As retail continues to morph from an analog to a digital platform, all over the country, and here in Knoxville, there are many big- and medium-sized boxes that have long been vacant. Large “brick and mortar” stores are coming to terms with the reality that they must provide far more than a clean and well-lighted place for their customers; even local shopping malls struggle to maintain something approaching full occupancy. The huge retail venues Bass Pro Shops and Cabela’s have long been leading the way of “destination retail.” This concept is even seeping into healthcare as the Mayo Clinic is now a destination medical center.
Which leads to the question: If Walmart, or something of Walmartian scale, is interested in attracting yet another core Knoxville demographic with easy access to I-40, could not a more central location work just as well, particularly for something akin to destination retail, and help the downtown transform into “destination urbanism”?
More than a decade after the re-urbanization of Knoxville began in earnest, the urban core remains absent a single major retailer or grocery store. With a modified vision of its retail model, and a more modest footprint, there ought to be plenty of potential space within or very near the city center for something akin to a big-box program. If this sort of thing can be accomplished in Manhattan, where the world is far more dense, it ought to be possible here, whether the program is reconfigured within the entrails of the moribund and homely TVA “tower,” as part of a reprogramed and underused convention center, or beneath I-40 or James White Parkway on the edge of the Old City.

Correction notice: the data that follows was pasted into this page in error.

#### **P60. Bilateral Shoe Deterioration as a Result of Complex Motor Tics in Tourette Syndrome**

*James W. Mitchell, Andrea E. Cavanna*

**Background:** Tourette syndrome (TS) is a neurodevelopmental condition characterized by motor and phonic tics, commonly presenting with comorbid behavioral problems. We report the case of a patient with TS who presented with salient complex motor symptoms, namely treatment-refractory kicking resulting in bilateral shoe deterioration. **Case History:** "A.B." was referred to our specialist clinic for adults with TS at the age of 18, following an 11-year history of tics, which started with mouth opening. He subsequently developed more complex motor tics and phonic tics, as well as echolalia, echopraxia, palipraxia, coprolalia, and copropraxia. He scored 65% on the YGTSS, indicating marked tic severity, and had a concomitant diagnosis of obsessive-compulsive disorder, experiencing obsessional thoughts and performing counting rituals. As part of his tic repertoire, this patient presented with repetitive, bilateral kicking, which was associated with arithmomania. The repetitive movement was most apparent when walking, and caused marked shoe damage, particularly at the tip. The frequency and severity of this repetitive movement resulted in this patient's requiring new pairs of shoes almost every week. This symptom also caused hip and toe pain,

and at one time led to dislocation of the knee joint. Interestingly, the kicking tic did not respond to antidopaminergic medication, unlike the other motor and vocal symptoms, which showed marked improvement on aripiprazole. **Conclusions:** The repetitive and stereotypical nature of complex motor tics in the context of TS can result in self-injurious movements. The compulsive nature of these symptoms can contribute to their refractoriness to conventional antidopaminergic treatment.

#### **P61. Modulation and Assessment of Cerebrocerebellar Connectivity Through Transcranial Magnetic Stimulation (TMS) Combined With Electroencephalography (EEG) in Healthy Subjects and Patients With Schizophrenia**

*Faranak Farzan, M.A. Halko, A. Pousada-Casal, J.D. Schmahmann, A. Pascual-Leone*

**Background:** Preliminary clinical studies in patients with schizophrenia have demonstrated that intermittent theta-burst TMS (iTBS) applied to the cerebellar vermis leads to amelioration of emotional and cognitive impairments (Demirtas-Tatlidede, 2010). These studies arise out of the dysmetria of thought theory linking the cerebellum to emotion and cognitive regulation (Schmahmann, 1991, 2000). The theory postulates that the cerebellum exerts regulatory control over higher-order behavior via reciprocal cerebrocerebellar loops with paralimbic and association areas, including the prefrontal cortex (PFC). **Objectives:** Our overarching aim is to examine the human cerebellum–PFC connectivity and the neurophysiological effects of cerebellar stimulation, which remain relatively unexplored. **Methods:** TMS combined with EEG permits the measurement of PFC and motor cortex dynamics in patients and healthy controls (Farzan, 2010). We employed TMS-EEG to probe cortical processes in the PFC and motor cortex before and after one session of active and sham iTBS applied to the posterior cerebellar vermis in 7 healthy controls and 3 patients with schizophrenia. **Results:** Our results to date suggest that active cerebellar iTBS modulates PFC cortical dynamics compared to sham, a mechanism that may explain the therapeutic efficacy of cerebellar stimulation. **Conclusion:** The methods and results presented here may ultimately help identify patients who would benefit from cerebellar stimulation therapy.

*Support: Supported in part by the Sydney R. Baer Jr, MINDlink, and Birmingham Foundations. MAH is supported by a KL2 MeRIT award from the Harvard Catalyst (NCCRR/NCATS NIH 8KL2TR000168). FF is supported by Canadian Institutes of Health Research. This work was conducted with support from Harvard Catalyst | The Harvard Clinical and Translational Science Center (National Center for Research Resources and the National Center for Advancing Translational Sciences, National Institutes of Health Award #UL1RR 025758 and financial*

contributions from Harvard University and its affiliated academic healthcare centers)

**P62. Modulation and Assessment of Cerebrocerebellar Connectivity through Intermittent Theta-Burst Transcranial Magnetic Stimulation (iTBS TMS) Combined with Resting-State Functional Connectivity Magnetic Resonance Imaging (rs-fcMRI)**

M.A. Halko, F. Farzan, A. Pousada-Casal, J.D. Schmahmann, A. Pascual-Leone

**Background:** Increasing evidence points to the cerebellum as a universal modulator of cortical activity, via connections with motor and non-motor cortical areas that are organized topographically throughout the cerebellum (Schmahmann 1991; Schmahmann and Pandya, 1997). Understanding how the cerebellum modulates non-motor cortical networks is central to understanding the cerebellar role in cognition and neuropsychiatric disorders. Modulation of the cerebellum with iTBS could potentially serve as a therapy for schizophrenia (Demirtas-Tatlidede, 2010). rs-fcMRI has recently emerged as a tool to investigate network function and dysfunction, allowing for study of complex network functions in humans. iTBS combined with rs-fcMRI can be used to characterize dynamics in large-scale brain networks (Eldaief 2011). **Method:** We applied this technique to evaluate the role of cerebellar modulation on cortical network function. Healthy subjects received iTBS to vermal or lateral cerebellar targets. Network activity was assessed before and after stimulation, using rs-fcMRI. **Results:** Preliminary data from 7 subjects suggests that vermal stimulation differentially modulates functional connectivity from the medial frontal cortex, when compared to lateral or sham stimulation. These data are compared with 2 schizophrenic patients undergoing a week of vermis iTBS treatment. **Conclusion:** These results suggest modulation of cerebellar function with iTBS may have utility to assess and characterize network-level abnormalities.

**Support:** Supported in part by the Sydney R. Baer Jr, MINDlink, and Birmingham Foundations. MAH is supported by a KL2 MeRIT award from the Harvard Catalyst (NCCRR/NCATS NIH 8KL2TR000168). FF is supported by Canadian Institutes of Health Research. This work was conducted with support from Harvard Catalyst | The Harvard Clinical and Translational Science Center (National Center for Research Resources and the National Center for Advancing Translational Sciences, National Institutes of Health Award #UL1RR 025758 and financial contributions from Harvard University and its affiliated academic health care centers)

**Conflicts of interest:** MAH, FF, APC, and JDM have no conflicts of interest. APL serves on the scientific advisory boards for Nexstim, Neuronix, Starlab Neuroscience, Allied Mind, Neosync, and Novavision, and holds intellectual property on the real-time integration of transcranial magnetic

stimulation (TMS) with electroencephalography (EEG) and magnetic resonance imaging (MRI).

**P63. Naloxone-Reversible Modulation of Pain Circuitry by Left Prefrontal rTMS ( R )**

Not that Walmart is the sort of retail around which one would desire to anchor a city’s retail. Nor, I suspect, would anyone like to see the company’s insipid signage with its yellow sphincter facing Market Square for the next generation or two. Yet, a downtown location, one that reinhabits a long-vacant and high-profile building, or activates the dross space beneath an interloping Interstate, would be an opportunity for the world’s largest retailer to establish a new and healthy relationship with the physical environment upon which it depends—one that achieves something far higher than the least common denominator they delivered at the University Commons.
Freud went on to say: “Happiness in life is sought first and foremost in the enjoyment of beauty … this aesthetic attitude offers little protection against the menace of suffering, but it is able to compensate for a great deal.” It certainly helped me during the menace of the garbage collectors’ strike in Madrid; it also helps explain why, for example, we find cave paintings as old as the earliest human-made tools.
If we as humans have been trying to make our settlements more attractive and commodious since we began dwelling together in primitive huts, is it such a stretch to imagine that when a developer requests approval for a large project, that the city ask how, for example, yet another big box surrounded by asphalt parking, contributes to making Knoxville a better place in which to live? In short, how does the proposal help the city build sinew and make it more beautiful?
Beauty is useless, yet it’s necessary for a happy and fulfilling life, and for the life of any clean and well-lighted city.
George Dodds’ Architecture Matters explores issues concerning the human-made environment, primarily focused on Knoxville and its environs. He has been teaching and publishing commentaries on the practice and history of architecture, urbanism, and landscape architecture for over 30 years. He has practiced in Detroit, Philadelphia, and Washington, D.C., has lectured internationally, and has served on the editorial boards of several journals. Since 2000, he has been on the faculty of architecture at the University of Tennessee.